March 8, 2016

Japan's Navy and Aid Become More Active in the South China Sea

In what amounts to a Freedom of Navigation Operation (FONOP) Japan will sail 2 of its warships and a submarine from Subic Bay, Philippines (see map above) to Cam Ranh Bay, Vietnam. This will cross China's "nine dash line" (see map below) the vast sea-space (most of the South China Sea) that China claims.
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First reported March 6, 2016 in Japanese newspapers and then to other news agencies March 7, 2016 in several news sources herehere and here is news of a Japanese Freedom of Navigation Operation (FONOP) set for April 2016

Pete's summary - These newspaper and news agency reports have likely come from Japanese military sources who say Japan will be sending an (Oyashio class?) training submarine and 2 destroyers(?) to visit the Philippines. They are likely to set out in late March 2016 on Japan’s normal patrol route of the Bashi Channel (Luzon Strait) and reach Subic Bay (now a civilian port) in the Philippines in early April 2016. They will then sail across the South China Sea to Vietnam’s largest naval base at Cam Ranh BayThis will be the first Japanese submarine visit to the Philippines in 15 years.

China has, by itself, decided to claim most of the South China Sea within its artificial "Nine dash line" (Map above) (Map courtesy GeoGarage).
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CHINA'S RESPONSE SO FAR

In answer to “It is reported that Japan's Maritime Self-Defense Force plans to send a submarine to the Philippines along with two warships that will then sail on to Vietnam. What is China's comment on that?”  The Chinese Ministry of Foreign Affairs March 7, 2016 answered

“It needs pointing out that cooperation among relevant countries should be conducive to regional peace and stability instead of targeting a third party, still less harming the sovereignty and security interests of other countries. Japan once illegally occupied China's islands in the South China Sea during WWII. We are on high alert against Japan's attempt to return to the South China Sea through military means.”

JAPAN'S SURVEILLANCE AID STRATEGY

Rather than confronting China in such a direct way, Japan instead wants to build the capacity of nations that need help in the region (particularly the Philippines and Vietnam) to improve their surveillance of Chinese forces. 

Japanese Defense Minister Nakatani is traveling to the Philippines in April 2016 to discuss cooperation. This includes providing the Philippines with several used Beechcraft TC-90 King Air for surveillance of the South China Sea. Japan and Vietnam have also discussed holding a joint naval exercise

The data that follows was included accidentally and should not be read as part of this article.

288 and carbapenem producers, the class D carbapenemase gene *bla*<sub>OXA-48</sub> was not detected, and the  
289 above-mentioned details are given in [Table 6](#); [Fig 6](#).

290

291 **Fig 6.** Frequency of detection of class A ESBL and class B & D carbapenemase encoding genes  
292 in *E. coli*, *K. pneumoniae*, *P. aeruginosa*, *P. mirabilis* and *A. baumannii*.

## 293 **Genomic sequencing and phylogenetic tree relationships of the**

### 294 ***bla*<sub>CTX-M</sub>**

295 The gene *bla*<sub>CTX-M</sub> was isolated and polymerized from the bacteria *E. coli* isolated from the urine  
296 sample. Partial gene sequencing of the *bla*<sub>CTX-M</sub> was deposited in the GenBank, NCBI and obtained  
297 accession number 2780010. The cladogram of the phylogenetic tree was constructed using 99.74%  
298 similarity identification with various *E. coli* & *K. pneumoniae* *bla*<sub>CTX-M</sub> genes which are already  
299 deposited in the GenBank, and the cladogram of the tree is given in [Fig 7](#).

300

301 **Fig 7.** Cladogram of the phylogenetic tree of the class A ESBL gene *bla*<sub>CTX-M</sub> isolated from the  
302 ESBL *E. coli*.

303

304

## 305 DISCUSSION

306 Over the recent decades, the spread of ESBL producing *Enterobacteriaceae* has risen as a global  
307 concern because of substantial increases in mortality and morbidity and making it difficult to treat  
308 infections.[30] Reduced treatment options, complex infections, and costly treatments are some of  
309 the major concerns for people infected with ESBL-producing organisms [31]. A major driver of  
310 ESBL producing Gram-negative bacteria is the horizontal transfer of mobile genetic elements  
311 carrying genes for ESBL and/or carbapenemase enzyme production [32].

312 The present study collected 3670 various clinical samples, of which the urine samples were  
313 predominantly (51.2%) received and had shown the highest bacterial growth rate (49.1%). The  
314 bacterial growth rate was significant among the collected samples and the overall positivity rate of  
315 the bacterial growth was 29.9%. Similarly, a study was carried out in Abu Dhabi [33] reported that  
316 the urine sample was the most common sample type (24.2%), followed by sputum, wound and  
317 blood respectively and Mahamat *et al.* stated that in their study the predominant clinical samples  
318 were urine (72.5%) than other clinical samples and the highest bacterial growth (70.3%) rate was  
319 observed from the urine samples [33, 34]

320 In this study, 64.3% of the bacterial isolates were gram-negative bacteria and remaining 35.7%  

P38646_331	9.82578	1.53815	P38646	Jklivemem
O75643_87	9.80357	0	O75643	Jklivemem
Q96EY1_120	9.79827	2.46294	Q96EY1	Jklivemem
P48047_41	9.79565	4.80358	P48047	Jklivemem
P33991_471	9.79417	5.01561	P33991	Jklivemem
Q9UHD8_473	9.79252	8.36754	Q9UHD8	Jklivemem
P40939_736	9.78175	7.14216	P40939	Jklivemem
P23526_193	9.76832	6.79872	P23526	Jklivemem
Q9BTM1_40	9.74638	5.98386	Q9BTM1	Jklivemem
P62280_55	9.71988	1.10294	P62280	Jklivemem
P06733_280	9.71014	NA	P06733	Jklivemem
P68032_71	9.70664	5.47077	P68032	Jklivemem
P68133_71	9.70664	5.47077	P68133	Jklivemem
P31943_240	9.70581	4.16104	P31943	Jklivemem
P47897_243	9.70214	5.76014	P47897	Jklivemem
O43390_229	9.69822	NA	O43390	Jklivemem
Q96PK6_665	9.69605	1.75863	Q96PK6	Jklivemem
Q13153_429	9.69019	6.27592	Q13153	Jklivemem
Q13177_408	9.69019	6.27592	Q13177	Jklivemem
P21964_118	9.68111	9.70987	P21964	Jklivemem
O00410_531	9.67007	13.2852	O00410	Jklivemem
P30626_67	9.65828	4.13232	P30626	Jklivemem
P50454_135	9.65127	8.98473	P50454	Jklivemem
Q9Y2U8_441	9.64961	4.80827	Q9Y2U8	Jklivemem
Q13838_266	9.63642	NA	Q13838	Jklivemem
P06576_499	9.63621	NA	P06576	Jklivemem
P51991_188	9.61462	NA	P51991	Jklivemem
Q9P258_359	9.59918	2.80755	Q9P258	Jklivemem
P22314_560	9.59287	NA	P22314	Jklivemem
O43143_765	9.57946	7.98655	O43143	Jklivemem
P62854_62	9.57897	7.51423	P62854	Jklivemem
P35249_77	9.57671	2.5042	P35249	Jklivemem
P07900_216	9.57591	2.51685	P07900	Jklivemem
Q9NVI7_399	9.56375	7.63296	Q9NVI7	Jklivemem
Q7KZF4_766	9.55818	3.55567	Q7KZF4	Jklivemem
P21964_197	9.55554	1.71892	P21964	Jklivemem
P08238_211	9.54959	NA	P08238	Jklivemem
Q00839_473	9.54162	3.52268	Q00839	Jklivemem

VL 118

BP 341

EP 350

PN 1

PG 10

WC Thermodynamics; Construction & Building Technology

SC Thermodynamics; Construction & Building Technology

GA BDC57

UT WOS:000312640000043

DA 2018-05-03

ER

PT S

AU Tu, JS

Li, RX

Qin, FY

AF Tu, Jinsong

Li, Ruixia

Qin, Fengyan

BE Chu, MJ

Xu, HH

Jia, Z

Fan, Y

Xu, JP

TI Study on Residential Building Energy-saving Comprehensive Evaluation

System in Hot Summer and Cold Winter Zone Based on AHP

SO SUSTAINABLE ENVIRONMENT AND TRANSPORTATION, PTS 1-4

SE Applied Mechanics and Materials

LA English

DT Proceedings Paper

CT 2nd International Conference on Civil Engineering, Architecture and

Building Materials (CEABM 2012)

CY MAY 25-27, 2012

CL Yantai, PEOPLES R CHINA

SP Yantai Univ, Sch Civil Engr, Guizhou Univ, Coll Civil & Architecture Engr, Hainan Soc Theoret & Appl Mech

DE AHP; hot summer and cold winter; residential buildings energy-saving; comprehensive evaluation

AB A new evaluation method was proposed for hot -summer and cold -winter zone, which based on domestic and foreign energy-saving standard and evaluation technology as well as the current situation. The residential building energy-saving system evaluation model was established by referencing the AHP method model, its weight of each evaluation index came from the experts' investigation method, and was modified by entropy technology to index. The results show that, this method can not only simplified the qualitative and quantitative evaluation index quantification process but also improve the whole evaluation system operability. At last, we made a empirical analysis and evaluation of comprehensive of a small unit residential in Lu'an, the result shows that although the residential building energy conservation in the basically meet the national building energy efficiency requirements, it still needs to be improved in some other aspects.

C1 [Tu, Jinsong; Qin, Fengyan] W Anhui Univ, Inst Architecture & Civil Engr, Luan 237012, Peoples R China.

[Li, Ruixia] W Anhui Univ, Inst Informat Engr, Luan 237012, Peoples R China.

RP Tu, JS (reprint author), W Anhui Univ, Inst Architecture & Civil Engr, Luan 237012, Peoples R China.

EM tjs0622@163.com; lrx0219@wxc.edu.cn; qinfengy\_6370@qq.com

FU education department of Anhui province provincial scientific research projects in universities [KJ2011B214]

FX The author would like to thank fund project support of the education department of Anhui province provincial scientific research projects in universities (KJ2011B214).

A Japanese TC-90 King Air (photo courtesy planespotters)
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Advice received in early March 2016 on the TC-90 is that Japan is leasing not granting the TC-90s to the Philippine Navy with Japan and Philippines to agree on a lease contract in several months. The Japanese government will not grant aircraft to the Philippines using overseas development assistance (ODA). This is because ODA is limited to non-military areas and current Japanese law bans give away Japanese government-owned assets. So the Japanese government decided to lease the TC-90s which will remain Japanese Navy (JMSDF) property. The value of the lease is millions yen (US$10,000s) per year.

The TC90s will have no search radars or other devices but rely on visual monitoring of the Spratly Islands. The TC90 will extend the Philippines' aerial coverage of the Spratly Islands from the current 300kms to 600kms – see http://www.yomiuri.co.jp/politics/20160228-OYT1T50110.html?from=ycont_top_txt (in Japanese). A future Submarine Matters article will talk about Japan's provision of patrol boats to the Philippines.



As the Japanese submarine will be a "training" submarine it may be an older Oyashio class (middle submarine, above). An Oyashio would have slightly less sensitive features than the latest Soryu class (top). Japan can expect that a Chinese (Yuan, Kilo or Song class) submarine will be posted in the Bashi Channel (Luzon Strait) to put the Japanese submarine under surveillance, if possible. (Diagram courtesy Shipbucket)
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REGULAR US SUBMARINE AND SHIP VISITS

The US Navy has been doing fairly regular submarine and ship visits to Subic Bay, Philippines. On March 9, 2016 GMA News Online reported that US Los Angeles class submarine, USS Charlotte (SSN-766), moored at Subic Bay on March 9, 2016. US cruiser, USS Antietam, docked in Manila Bay on March 8, 2016 and 7th Fleet command ship USS Blue Ridge, docked at Subic Bay on March 4, 2016.

Please connect with Submarine Matters December 4, 2015 article Japanese Concerns About Philippines Alliance Building and Providing Military Aid.

Pete

2 comments:

Anonymous said...

A port visit to Cam Ranh bay clearly represents a shift in Vietnamese thinking. Vietnam 5 Kilos are also based there.
KQN

Peter Coates said...

Hi KQN

I think Vietnam has been hosting ship visits to Cam Ranh Bay for several years - including US, Indian and Russian ships. It just doesn't go reported much.

This is also noting "Ba Ngoi port is an international commercial port located in inside Cam Ranh Bay" https://en.wikipedia.org/wiki/Cam_Ranh_Bay#Today

Regards

Pete